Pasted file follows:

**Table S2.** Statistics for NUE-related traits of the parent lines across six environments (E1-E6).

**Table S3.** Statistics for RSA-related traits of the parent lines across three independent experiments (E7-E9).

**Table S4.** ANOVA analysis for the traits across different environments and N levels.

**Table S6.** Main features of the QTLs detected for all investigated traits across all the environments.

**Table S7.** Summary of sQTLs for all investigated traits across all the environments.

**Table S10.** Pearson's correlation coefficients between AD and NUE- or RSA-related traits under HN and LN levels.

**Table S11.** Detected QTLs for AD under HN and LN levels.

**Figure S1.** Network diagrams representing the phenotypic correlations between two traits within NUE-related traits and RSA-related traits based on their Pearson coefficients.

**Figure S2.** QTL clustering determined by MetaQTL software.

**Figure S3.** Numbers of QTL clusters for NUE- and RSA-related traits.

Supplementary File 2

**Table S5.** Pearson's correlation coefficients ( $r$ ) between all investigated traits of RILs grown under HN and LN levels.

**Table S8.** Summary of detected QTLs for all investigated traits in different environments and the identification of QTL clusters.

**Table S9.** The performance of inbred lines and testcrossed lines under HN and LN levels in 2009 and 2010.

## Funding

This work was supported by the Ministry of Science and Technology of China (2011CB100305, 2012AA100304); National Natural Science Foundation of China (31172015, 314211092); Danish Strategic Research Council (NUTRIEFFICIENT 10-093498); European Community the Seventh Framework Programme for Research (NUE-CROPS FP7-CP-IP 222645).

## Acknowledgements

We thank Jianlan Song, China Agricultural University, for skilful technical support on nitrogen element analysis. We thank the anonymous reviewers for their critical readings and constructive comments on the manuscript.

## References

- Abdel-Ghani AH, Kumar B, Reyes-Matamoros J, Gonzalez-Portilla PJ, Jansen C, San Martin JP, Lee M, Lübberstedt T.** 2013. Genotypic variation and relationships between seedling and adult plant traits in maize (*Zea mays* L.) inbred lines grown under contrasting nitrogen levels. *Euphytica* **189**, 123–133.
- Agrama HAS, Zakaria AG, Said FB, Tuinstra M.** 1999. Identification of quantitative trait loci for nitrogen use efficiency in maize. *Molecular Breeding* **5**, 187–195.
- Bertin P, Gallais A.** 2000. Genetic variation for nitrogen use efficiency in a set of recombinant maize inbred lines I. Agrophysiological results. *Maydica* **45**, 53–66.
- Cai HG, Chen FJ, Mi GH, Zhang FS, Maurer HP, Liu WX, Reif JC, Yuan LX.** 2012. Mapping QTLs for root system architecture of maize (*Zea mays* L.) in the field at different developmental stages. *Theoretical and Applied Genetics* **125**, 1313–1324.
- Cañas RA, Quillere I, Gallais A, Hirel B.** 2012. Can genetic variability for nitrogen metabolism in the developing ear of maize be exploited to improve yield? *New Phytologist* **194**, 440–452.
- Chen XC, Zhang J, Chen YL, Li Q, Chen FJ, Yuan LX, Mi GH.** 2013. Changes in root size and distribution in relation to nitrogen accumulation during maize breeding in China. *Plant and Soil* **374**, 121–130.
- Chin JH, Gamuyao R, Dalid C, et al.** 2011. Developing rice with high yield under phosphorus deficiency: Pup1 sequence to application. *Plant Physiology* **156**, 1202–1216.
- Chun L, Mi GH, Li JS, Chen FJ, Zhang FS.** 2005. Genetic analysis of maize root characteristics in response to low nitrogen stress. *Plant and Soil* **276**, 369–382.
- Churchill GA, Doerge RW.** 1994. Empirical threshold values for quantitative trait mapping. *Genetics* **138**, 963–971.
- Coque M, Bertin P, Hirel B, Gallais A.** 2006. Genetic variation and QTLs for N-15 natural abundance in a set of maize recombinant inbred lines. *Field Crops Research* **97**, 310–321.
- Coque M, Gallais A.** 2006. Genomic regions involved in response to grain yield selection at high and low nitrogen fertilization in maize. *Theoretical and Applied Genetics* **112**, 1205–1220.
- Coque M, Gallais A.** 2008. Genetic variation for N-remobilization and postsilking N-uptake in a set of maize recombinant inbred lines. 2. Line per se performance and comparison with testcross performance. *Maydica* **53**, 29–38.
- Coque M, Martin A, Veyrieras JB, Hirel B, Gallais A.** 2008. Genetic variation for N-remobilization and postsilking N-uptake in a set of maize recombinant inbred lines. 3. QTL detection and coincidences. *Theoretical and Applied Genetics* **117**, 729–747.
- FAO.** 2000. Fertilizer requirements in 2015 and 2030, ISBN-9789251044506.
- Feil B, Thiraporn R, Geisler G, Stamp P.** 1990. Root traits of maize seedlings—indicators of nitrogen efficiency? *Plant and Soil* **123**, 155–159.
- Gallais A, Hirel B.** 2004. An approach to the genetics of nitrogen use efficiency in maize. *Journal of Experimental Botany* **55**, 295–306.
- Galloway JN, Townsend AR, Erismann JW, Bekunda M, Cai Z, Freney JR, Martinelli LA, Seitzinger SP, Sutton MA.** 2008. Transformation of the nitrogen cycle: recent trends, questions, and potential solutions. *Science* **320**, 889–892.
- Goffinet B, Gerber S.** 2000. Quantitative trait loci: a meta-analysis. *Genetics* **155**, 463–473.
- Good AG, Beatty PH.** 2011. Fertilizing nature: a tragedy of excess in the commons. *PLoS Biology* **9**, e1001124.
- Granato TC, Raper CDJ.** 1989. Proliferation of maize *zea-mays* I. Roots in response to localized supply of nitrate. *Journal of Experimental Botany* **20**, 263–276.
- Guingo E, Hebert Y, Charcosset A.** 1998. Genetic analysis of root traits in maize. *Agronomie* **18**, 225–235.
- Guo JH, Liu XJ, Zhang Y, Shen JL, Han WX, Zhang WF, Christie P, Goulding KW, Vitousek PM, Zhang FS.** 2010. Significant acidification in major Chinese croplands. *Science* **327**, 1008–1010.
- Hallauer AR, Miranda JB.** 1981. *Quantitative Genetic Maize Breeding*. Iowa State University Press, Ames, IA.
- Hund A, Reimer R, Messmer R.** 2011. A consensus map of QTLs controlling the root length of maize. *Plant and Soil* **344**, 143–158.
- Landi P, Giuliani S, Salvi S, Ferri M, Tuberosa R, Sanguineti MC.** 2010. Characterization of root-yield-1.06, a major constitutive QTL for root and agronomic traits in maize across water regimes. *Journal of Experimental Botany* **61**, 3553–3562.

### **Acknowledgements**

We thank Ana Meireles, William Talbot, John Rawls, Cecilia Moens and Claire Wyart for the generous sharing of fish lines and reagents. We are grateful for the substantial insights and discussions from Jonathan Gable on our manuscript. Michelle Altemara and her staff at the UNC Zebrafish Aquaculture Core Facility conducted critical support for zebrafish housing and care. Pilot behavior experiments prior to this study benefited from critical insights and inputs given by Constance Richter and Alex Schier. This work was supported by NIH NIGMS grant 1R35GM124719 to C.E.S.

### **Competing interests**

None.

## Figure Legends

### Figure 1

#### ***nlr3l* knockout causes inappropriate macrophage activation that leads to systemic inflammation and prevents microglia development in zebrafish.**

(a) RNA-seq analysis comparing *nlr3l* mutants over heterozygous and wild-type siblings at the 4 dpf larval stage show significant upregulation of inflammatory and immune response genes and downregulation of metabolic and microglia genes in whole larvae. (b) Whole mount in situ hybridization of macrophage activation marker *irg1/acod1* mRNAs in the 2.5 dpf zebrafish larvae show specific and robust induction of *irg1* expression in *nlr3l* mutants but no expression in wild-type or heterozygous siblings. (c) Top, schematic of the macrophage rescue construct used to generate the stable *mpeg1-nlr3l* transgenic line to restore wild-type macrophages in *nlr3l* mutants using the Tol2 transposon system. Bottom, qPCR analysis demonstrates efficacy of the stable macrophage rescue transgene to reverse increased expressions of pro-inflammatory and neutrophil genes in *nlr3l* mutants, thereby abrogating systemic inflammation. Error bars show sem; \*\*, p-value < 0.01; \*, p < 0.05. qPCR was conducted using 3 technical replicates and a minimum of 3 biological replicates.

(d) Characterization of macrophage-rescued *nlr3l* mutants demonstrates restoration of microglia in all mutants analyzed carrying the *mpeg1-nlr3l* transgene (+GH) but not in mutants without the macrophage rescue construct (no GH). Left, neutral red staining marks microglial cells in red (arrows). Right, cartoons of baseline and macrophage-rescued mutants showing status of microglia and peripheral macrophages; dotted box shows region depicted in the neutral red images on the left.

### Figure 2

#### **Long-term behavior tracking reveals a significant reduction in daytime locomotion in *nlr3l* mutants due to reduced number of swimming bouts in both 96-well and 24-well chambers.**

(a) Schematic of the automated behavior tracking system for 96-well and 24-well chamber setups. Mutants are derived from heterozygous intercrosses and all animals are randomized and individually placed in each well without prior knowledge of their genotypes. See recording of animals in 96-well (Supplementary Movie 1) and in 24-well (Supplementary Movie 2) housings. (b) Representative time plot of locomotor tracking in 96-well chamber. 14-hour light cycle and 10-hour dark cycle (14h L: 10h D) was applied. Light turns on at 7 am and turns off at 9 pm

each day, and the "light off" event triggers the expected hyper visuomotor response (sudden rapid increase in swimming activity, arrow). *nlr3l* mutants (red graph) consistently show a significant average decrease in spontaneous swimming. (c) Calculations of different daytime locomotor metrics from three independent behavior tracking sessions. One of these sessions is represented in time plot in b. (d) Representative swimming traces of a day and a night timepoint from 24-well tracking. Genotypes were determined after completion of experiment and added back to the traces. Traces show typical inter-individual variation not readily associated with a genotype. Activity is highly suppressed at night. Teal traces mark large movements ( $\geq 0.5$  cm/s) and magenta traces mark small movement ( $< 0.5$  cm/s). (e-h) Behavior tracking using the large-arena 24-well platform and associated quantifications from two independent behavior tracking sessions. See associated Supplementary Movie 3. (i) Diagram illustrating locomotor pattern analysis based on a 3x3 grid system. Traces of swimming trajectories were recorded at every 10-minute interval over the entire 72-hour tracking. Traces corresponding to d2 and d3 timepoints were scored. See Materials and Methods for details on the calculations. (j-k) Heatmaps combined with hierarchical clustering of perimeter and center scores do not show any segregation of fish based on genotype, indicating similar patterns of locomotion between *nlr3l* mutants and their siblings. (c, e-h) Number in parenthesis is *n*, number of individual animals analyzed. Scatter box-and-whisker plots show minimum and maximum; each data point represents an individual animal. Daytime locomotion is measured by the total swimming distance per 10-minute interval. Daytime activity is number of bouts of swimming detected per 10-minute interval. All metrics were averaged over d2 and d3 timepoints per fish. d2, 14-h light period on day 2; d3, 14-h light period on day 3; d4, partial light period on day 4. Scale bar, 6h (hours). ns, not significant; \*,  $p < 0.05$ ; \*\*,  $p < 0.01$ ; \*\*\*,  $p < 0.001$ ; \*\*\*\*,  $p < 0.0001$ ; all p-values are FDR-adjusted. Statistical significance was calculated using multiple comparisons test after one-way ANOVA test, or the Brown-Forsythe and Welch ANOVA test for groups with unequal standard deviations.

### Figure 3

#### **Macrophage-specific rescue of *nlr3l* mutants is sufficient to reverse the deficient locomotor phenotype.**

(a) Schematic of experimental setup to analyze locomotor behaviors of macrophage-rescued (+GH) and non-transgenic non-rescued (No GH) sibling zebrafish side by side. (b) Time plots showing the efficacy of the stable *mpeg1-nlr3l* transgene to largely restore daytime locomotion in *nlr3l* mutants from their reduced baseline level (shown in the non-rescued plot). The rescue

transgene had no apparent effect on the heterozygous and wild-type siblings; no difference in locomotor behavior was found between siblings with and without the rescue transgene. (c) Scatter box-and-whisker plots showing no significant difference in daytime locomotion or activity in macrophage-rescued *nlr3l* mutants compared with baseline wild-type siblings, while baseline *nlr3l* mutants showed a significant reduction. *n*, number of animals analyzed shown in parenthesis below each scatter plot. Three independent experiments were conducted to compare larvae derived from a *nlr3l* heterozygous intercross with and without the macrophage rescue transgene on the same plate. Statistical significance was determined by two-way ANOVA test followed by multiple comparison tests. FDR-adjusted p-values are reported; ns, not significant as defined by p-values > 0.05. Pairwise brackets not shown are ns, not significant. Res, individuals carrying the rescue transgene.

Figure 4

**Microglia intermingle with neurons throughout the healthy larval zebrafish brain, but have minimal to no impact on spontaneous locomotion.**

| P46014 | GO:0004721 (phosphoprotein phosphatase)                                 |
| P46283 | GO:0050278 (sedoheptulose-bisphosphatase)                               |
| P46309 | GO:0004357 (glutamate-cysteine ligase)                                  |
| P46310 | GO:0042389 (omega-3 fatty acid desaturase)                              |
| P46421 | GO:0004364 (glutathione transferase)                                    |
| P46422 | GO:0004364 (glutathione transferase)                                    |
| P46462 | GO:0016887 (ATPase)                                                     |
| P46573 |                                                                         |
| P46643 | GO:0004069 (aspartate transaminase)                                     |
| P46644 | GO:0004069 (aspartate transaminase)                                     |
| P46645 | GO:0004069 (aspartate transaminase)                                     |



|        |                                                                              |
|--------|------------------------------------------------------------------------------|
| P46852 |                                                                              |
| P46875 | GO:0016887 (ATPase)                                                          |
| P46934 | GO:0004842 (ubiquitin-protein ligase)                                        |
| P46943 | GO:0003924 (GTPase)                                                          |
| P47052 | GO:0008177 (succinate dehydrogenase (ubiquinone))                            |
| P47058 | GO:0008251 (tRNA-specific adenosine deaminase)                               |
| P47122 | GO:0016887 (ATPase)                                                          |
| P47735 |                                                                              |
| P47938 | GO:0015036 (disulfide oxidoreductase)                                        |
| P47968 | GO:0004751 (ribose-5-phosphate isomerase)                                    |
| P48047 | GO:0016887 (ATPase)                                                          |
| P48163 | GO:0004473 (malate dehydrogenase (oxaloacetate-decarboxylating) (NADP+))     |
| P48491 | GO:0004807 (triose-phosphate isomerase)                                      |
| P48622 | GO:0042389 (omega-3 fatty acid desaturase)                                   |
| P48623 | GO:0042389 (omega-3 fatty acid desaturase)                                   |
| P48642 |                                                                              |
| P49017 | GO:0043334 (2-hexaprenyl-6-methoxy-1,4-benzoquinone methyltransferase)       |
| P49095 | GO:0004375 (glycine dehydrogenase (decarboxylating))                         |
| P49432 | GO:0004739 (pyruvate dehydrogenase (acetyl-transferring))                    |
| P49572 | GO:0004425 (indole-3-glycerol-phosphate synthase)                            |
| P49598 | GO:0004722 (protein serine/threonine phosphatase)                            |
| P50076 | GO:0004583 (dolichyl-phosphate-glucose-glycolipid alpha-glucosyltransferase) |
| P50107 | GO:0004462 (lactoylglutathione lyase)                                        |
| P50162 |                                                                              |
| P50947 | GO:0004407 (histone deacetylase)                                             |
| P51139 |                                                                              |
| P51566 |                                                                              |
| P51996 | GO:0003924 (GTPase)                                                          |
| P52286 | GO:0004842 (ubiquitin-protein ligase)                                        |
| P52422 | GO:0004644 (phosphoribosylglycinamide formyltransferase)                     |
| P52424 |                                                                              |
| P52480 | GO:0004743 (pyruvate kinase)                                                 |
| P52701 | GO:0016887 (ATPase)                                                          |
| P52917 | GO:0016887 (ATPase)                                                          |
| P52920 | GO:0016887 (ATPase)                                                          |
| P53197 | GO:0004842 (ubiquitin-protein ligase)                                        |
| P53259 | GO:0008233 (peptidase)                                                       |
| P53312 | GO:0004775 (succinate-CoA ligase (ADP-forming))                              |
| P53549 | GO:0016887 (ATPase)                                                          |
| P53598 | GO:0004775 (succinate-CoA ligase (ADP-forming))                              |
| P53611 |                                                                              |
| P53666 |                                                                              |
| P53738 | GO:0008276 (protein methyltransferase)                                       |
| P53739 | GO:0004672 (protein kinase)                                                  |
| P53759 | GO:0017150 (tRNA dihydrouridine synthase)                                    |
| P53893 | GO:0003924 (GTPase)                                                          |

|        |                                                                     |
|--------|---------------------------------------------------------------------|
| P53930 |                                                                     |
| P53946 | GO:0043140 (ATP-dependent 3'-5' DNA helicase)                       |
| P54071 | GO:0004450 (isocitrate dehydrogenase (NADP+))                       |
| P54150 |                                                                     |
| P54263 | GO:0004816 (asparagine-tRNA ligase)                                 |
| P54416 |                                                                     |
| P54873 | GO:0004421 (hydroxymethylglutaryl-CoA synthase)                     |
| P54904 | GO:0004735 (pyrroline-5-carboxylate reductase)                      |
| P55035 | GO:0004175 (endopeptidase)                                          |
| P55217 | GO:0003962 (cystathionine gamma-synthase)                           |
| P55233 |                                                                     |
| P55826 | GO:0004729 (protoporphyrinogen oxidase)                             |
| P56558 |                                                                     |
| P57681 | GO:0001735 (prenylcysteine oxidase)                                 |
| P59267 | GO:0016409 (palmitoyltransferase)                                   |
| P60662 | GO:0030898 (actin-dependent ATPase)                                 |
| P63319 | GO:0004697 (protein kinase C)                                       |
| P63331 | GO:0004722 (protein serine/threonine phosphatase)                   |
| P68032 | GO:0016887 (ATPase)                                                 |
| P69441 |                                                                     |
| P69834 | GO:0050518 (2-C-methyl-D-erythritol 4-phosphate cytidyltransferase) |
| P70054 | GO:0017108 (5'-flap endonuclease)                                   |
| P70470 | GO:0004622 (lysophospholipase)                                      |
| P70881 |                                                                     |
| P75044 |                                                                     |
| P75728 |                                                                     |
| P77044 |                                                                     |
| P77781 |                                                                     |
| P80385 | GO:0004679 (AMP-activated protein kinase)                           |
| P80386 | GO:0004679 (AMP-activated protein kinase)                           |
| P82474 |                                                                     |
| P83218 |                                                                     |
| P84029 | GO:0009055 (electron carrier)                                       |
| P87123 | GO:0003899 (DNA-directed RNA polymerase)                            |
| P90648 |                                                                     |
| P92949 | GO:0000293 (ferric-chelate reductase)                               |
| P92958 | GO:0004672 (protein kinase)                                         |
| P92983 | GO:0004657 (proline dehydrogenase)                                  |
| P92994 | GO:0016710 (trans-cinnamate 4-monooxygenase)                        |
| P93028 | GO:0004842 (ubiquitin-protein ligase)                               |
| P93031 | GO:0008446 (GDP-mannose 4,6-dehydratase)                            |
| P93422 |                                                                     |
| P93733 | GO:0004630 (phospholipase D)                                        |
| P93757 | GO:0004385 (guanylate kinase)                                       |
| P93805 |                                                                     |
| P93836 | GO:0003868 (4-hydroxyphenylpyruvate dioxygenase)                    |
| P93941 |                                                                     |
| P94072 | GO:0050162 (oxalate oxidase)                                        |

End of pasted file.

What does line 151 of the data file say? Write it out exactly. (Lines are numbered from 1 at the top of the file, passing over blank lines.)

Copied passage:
| P77044 |                                                                     |